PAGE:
The government of Papua New Guinea has passed an act imposing a tax liability on Digicel, an operator that is a major player in the Pacific and Australia.
It has been suggested that the tax, equal to about $100 million with a further penalty of $14 million for non-payment, may affect plans for Australia’s Telstra to buy the Pacific operations of Digicel, a company headquartered in Jamaica.
These plans were reported in October last year after Telstra partnered with the Australian government for a US$1.6 billion acquisition of Digicel Pacific. This has been seen as part of a wider strategy to limit China’s influence in the region.
Digicel boasts a total of 13.2 million customers in 32 countries including 2.5 million mobile phone subscribers across its operations in Papua New Guinea, Fiji, Vanuatu, Tonga, Samoa and Nauru.
Now, however, Digicel Group has said it is considering legal options after Papua New Guinea imposed the $100 million tax on the operator on 25 March. It has said the tax has potential implications for the Australian buyout as well as suggesting that the country’s credit rating may suffer.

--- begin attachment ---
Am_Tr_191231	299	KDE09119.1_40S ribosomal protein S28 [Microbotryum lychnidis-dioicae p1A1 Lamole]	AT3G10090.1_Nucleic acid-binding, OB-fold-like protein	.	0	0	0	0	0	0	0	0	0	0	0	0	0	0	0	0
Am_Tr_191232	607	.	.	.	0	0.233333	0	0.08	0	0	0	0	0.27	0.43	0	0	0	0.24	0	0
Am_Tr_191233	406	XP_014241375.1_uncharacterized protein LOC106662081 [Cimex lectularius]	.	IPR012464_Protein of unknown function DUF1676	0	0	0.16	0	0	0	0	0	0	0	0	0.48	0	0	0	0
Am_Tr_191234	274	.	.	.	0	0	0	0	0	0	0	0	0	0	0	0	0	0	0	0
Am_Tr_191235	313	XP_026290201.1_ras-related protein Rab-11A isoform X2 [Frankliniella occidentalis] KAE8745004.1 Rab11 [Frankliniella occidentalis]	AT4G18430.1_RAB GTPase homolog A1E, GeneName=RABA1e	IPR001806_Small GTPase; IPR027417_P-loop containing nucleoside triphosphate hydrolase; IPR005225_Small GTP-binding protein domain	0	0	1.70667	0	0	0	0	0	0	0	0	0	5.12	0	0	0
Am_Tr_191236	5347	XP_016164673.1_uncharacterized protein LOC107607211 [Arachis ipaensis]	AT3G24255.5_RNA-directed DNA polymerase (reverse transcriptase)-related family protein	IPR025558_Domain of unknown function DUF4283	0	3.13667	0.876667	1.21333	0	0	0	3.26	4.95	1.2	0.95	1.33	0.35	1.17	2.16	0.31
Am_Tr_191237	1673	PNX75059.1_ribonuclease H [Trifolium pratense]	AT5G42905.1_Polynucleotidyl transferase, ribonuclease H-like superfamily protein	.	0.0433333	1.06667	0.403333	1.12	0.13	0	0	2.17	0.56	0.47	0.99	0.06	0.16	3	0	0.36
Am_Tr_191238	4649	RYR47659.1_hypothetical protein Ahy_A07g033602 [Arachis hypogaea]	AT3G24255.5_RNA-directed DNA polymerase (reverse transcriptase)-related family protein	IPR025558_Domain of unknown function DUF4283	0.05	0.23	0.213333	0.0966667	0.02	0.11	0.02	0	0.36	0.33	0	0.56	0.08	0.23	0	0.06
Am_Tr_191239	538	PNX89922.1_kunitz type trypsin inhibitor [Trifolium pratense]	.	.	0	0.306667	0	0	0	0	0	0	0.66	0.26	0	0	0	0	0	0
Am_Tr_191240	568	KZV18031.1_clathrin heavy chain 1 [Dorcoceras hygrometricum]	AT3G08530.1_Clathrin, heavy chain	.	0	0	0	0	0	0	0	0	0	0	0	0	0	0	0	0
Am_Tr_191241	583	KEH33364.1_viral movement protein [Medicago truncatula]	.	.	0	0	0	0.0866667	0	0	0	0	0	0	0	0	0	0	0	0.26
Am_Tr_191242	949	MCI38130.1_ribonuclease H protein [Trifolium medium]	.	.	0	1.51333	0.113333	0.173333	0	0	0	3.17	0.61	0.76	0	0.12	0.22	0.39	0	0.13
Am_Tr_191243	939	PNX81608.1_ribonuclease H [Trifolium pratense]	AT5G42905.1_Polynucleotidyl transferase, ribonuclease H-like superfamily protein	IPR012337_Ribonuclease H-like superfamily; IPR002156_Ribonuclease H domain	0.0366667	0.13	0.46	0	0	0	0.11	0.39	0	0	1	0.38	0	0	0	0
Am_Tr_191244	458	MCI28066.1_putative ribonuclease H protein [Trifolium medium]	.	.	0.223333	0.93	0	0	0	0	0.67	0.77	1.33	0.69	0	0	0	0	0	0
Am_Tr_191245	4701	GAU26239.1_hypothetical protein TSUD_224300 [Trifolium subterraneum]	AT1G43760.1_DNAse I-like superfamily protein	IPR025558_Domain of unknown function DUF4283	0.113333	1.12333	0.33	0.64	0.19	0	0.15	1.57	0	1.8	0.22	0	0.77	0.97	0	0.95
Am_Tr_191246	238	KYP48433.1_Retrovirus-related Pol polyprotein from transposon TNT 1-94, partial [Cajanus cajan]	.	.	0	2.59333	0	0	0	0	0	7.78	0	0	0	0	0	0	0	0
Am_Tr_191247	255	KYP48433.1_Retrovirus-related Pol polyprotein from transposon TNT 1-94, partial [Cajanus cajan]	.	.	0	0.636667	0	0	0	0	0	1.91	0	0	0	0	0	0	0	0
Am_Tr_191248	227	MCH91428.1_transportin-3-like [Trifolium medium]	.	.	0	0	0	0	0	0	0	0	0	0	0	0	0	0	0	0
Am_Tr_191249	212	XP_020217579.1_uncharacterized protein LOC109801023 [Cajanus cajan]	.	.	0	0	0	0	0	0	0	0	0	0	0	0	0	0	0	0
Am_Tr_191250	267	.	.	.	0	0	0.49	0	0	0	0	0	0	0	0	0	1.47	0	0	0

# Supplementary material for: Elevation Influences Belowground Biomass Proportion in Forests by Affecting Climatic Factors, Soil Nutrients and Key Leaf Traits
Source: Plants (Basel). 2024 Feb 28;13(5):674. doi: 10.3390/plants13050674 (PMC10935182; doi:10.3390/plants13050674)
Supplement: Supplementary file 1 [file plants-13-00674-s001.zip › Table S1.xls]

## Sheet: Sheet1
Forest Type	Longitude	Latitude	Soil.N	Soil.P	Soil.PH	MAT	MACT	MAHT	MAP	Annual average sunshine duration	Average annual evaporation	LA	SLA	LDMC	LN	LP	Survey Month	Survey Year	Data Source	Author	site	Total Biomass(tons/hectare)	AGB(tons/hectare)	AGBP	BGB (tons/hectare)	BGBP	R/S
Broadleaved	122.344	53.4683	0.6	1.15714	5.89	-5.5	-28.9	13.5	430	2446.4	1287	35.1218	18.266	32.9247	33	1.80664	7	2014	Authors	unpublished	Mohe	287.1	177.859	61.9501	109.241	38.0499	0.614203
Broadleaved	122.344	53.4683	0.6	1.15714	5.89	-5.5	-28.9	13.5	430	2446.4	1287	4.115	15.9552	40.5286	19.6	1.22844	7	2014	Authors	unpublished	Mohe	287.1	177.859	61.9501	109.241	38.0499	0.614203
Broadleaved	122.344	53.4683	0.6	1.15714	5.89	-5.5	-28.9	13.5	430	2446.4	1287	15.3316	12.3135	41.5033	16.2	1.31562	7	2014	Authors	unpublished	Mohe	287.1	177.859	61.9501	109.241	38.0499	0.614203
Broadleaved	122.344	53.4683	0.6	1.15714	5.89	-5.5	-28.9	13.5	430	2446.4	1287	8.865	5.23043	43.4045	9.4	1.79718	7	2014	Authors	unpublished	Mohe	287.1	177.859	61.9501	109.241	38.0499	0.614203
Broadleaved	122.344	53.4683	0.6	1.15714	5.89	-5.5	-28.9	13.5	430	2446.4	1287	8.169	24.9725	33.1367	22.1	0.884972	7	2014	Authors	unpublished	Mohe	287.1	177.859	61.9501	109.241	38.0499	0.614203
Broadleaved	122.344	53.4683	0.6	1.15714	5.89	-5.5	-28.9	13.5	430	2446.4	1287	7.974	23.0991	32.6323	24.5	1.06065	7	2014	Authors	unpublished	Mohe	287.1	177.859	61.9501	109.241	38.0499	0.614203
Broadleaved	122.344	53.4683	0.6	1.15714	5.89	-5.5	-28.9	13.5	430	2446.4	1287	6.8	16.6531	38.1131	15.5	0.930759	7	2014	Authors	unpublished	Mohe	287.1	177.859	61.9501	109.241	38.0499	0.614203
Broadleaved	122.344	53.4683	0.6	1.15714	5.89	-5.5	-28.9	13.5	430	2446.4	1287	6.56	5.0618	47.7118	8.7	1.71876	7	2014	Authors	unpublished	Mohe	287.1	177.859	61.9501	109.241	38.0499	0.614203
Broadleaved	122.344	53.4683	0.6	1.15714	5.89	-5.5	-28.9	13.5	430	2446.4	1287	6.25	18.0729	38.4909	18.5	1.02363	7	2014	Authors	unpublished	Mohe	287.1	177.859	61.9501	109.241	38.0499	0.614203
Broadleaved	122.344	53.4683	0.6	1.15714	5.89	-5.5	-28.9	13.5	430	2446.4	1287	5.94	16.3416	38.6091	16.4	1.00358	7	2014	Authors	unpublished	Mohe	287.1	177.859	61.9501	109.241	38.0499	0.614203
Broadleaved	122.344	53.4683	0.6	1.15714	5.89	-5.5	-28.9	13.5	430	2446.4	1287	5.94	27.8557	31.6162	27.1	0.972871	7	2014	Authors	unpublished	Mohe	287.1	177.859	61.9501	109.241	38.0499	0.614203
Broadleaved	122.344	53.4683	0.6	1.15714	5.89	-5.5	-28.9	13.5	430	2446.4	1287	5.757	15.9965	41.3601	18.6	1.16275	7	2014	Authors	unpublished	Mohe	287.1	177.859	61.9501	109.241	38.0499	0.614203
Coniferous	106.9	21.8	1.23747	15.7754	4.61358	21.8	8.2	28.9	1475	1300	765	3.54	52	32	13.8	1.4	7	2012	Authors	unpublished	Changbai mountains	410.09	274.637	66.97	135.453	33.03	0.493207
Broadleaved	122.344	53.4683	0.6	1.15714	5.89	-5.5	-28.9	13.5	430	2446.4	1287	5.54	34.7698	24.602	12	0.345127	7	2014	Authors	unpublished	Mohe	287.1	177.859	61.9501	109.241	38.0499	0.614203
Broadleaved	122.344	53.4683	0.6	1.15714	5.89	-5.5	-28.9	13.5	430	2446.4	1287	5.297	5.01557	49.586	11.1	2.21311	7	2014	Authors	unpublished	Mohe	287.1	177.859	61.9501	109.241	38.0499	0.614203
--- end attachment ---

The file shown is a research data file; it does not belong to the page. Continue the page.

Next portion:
According to Reuters, Digicel's founder Denis O'Brien met with the Papua New Guinea prime minister James Marape last week to try to resolve what has been described as a "new arbitrary, company-specific tax".
Telstra has largely reserved comment so far, suggesting that the tax is a matter for the current owner of Digicel Pacific and awaiting Papua New Guinea regulatory approvals for the proposed acquisition.
Plans for the tax were first outlined last November in the country’s 2022 budget measures. The tax applies only to companies that control more than 40% of Papua New Guinea’s market for telecommunications and banking. Parliament was told that Digicel holds 90% of the retail mobile voice and internet market.
Reuters reports that Bank of South Pacific, the only other company affected, has told the Australian Stock Exchange that the tax must be paid annually in September.